Natalia_Taffarel wrote:
What's a Great Photographer for you?

Your quoted definition leans a little too much on the technical aspect. I would say that almost every great photographer has flawless technique, but not every photographer with flawless technique is great.

For me it is all about depicting strong content, or having a singular and personal voice, or saying something interesting about anything.

Mar 05 14 10:59 am Link

Photographer

Natural Body Photo

Posts: 303

Indianapolis, Indiana, US

People who we view as great live for a thousand years thru the lives of the people they touch; they move not only mountains, but the entire cultural continent for the better or worse: Washington, Lincoln, Hitler, Dr. King, Mandela, Babe Ruth, M. Jordan, The Beatles...Norman Rockwell, Hugh Hefner.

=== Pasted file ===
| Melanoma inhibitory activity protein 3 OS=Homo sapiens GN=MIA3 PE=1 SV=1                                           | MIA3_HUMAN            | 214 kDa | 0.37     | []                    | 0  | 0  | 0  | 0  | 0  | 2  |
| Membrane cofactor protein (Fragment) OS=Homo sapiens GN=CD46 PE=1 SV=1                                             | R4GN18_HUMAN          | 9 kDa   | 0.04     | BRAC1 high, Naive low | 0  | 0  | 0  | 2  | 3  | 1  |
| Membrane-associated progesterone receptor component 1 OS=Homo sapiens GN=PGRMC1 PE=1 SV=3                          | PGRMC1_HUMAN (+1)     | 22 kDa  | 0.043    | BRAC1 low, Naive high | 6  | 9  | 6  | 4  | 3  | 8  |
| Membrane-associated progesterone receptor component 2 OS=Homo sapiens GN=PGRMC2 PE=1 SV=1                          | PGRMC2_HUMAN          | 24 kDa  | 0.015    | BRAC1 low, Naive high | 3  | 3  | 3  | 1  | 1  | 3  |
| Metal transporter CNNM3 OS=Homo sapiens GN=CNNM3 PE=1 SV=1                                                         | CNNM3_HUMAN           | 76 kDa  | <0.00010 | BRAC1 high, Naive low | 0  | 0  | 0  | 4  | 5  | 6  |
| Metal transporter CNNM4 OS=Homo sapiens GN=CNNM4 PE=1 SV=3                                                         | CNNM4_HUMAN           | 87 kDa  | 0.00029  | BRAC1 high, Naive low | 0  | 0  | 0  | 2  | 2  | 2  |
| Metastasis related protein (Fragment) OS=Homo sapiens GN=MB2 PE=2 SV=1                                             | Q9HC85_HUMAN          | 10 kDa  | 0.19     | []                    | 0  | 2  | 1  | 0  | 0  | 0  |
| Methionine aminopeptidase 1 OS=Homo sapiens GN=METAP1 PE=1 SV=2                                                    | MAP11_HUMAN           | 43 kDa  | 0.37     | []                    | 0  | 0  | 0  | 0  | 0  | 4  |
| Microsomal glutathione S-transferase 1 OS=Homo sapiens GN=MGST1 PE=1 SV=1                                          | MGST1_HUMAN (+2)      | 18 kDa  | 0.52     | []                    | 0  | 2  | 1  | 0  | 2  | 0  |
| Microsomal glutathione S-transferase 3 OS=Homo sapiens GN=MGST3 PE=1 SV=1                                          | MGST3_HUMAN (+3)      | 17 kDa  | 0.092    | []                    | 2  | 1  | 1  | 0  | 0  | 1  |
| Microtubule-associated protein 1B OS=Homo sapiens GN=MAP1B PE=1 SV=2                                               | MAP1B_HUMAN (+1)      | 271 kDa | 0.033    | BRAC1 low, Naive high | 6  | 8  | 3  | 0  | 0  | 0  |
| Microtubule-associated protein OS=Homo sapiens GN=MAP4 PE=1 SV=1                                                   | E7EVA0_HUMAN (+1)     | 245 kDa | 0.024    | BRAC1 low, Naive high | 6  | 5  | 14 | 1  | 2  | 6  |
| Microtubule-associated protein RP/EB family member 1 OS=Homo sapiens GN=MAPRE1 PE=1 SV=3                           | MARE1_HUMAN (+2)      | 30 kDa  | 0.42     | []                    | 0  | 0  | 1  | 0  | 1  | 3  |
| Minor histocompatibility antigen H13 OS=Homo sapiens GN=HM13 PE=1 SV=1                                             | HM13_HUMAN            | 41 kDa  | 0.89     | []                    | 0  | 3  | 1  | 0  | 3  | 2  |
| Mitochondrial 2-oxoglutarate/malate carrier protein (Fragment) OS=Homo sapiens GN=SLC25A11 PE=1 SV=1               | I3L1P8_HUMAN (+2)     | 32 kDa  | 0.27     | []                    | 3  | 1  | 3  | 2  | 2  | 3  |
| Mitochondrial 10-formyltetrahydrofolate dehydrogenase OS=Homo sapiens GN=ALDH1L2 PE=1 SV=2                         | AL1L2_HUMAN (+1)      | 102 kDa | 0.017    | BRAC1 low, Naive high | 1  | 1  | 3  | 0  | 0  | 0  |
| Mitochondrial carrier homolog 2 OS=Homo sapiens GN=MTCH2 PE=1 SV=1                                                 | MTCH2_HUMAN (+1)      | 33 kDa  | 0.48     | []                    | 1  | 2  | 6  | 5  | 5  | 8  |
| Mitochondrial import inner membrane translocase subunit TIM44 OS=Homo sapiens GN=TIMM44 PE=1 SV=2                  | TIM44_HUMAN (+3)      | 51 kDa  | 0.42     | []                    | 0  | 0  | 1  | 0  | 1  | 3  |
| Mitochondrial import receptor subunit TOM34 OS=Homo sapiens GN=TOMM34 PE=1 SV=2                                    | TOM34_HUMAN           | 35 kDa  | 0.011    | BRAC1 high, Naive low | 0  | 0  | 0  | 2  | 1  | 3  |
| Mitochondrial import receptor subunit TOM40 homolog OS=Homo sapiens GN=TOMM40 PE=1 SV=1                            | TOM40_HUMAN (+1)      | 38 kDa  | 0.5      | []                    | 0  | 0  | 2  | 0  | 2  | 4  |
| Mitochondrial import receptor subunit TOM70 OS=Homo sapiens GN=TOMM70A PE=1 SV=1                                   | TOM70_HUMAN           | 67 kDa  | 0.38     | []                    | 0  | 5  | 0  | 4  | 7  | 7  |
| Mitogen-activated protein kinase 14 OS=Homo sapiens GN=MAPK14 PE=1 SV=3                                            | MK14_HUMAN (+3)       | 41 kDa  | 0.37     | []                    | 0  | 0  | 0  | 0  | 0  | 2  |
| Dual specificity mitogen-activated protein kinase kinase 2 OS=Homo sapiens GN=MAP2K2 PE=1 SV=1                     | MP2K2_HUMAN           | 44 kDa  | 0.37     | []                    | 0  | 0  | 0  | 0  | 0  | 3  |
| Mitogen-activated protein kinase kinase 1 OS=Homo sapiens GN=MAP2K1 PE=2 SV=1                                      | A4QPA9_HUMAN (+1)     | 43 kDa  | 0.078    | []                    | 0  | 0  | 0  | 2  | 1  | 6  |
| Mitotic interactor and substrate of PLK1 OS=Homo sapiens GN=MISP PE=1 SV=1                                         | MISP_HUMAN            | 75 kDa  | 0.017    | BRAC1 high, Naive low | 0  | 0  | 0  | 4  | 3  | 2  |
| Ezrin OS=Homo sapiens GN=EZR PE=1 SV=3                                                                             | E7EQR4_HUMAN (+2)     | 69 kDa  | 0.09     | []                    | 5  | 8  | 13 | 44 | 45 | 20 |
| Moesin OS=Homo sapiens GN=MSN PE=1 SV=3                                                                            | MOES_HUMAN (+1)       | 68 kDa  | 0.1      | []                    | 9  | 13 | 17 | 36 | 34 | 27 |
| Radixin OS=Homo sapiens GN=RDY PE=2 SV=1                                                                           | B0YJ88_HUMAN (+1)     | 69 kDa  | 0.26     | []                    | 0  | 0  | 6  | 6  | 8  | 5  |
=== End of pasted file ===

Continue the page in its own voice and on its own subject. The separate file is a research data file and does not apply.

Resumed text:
Mar 05 14 11:11 am Link

Photographer

London Fog

Posts: 6770

London, England, United Kingdom

A great photographer to me is someone who can convey their thoughts, their ideas, even their dreams into a living, breathing image! Also, someone who understands the interplay between light, shape, form and shadow!

Mar 05 14 11:43 am Link

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Giacomo Cirrincioni

Posts: 21384

New York, New York, US

still-photography wrote:
However, after reading most of Wallace's work I can say confidently (and not in jest) that he is an infinitely greater writer than Clancy.

I see what you did there....

Mar 05 14 12:23 pm Link

Photographer

WIP

Posts: 15544

Cheltenham, England, United Kingdom